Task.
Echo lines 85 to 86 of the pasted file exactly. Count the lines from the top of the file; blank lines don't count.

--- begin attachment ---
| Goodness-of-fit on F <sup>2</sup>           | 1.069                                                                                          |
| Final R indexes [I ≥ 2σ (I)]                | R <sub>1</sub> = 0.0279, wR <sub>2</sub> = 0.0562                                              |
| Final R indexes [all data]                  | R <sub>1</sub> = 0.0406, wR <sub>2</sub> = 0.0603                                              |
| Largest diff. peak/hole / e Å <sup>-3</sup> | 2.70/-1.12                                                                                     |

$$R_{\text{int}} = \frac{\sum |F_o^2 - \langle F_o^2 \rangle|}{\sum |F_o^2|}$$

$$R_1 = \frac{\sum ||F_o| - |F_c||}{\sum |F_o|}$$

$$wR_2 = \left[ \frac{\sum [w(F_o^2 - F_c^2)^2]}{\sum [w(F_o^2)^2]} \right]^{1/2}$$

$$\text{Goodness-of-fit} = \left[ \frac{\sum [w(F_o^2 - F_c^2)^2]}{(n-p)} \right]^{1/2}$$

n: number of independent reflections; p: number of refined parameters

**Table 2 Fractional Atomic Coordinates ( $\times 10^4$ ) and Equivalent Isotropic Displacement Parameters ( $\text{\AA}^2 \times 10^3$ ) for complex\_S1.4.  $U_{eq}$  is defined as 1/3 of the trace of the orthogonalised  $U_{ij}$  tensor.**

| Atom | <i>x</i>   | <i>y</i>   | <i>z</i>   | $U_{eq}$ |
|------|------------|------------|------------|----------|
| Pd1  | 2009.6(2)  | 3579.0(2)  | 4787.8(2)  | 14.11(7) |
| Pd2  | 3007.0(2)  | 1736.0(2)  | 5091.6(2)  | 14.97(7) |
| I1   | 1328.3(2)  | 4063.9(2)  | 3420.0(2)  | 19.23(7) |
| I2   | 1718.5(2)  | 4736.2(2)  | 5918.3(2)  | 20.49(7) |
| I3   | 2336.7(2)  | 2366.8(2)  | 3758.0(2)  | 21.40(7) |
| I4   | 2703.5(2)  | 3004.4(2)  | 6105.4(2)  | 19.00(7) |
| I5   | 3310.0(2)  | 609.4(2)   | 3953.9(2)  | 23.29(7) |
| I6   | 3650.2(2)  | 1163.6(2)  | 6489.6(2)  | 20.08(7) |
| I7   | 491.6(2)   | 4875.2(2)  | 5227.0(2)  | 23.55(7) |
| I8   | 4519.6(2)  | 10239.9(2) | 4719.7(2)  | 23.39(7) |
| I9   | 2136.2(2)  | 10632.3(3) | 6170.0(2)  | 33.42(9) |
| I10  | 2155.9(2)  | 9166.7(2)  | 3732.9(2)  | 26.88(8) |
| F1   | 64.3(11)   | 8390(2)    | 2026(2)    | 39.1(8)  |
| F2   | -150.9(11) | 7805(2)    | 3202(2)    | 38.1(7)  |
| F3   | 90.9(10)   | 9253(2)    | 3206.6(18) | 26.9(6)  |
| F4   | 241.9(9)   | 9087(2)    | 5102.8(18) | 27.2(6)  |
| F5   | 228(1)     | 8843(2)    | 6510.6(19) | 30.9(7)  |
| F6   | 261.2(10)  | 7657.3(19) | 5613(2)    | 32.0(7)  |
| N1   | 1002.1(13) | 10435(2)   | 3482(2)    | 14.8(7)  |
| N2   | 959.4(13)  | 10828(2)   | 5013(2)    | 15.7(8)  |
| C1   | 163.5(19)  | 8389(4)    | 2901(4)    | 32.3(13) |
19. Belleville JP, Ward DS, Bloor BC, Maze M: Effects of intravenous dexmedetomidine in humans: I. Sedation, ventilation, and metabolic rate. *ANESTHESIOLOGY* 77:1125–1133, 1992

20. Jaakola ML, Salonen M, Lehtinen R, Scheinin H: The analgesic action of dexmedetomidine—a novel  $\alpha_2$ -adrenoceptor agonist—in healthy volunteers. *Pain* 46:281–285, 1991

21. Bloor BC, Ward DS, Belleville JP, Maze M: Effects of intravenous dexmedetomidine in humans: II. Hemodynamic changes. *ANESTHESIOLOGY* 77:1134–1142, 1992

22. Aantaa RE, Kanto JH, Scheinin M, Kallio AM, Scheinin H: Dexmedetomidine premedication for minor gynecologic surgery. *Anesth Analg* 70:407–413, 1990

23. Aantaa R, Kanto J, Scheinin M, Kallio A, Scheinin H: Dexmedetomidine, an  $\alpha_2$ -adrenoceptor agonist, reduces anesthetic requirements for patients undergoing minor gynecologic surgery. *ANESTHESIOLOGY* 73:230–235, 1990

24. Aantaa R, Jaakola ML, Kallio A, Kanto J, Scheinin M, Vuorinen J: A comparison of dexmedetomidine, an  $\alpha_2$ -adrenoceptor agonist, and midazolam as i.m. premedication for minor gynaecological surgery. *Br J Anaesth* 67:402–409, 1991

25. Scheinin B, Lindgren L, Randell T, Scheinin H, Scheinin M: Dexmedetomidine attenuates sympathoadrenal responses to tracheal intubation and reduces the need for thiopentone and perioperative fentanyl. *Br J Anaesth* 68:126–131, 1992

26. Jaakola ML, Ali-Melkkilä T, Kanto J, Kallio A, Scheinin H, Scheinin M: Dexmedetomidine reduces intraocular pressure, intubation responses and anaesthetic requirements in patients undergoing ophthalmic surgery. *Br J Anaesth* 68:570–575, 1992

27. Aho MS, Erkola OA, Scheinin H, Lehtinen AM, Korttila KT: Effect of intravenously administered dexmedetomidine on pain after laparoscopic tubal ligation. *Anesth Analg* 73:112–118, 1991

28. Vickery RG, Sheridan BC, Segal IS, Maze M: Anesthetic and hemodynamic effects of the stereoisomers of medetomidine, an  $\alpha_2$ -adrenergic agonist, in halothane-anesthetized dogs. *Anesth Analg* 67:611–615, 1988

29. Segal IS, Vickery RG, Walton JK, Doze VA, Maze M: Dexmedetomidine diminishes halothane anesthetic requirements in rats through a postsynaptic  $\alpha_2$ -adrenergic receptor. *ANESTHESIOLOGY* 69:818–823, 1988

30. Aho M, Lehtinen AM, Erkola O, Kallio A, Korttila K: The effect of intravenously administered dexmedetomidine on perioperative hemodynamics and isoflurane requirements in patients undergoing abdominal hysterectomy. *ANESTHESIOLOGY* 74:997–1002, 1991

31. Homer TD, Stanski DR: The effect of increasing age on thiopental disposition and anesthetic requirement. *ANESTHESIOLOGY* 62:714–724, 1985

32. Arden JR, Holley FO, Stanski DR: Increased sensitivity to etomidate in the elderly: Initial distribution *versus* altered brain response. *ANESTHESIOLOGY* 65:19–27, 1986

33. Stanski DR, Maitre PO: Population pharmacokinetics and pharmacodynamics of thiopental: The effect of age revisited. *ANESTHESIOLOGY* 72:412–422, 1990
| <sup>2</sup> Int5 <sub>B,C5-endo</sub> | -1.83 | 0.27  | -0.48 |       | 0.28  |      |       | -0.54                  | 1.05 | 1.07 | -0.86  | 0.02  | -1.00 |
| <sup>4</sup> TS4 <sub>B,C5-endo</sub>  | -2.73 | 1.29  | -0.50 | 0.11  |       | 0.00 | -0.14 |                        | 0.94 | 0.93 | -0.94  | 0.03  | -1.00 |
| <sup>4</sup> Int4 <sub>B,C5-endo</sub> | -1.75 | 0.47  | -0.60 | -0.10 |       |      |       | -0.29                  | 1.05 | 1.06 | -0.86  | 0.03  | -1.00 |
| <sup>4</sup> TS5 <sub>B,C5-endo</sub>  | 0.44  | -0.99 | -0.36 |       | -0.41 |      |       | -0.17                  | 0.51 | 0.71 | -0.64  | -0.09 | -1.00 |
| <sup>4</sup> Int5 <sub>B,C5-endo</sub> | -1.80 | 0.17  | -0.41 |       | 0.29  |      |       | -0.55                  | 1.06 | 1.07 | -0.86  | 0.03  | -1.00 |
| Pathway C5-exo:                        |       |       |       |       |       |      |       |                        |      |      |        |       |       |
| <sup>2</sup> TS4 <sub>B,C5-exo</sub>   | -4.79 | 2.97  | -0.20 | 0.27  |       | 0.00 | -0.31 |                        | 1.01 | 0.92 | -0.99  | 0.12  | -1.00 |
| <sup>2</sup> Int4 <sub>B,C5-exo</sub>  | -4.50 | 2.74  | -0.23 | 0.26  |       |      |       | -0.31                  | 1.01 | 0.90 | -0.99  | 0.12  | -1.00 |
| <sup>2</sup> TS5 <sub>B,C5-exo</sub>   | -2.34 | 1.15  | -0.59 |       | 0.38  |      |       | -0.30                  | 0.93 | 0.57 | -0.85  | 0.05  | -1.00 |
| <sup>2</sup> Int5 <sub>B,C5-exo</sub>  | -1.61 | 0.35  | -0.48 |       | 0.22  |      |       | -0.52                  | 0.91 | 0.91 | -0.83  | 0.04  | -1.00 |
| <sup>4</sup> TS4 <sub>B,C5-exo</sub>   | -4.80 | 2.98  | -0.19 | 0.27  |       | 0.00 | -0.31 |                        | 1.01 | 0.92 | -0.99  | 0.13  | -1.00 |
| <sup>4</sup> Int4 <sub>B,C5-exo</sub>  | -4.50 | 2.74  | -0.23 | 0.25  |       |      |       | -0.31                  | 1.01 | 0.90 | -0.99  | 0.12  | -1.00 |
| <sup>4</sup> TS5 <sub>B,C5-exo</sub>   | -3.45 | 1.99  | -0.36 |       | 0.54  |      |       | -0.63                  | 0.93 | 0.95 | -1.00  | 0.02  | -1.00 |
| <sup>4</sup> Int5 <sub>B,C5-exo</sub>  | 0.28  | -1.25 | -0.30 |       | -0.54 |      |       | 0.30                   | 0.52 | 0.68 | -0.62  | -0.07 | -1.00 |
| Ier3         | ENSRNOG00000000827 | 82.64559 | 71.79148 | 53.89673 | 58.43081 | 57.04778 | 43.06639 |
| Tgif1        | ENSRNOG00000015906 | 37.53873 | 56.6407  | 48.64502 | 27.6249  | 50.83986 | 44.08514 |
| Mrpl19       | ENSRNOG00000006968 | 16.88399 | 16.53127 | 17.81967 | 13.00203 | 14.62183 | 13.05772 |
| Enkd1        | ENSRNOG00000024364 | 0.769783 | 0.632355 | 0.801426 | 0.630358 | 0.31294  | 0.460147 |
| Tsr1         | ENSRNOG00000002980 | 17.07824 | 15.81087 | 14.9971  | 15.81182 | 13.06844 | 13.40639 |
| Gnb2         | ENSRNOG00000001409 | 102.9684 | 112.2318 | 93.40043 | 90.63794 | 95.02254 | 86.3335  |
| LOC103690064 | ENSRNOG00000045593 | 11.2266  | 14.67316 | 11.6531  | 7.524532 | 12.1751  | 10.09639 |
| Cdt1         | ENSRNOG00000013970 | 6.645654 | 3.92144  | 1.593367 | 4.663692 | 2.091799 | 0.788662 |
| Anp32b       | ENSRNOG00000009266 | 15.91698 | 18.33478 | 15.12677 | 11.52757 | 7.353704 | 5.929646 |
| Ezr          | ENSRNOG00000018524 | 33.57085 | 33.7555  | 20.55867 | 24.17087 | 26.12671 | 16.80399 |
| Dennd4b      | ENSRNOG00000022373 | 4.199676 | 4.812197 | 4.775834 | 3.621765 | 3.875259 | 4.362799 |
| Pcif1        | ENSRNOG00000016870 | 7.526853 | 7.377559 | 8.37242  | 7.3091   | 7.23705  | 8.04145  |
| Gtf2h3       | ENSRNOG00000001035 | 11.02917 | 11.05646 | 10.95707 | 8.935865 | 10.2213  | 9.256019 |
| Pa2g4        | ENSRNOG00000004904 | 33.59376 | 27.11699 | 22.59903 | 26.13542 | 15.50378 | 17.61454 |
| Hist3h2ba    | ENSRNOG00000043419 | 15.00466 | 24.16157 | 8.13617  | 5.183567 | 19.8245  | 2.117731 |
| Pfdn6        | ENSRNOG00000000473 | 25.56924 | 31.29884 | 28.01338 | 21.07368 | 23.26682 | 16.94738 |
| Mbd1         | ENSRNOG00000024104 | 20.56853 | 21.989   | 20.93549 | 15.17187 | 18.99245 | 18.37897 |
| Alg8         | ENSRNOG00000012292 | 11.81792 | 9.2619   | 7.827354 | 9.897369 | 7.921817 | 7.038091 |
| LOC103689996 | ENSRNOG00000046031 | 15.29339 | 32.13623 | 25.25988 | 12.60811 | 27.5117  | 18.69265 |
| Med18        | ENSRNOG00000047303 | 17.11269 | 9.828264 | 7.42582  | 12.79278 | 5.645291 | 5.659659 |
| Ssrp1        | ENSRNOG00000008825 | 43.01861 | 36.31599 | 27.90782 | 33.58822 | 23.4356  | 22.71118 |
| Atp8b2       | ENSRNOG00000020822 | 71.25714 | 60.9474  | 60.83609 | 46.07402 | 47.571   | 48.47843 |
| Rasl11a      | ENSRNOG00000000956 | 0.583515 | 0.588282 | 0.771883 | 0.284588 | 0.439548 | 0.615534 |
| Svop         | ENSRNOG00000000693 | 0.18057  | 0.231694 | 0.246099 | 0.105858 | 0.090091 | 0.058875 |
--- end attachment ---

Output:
| Rasl11a      | ENSRNOG00000000956 | 0.583515 | 0.588282 | 0.771883 | 0.284588 | 0.439548 | 0.615534 |
| Svop         | ENSRNOG00000000693 | 0.18057  | 0.231694 | 0.246099 | 0.105858 | 0.090091 | 0.058875 |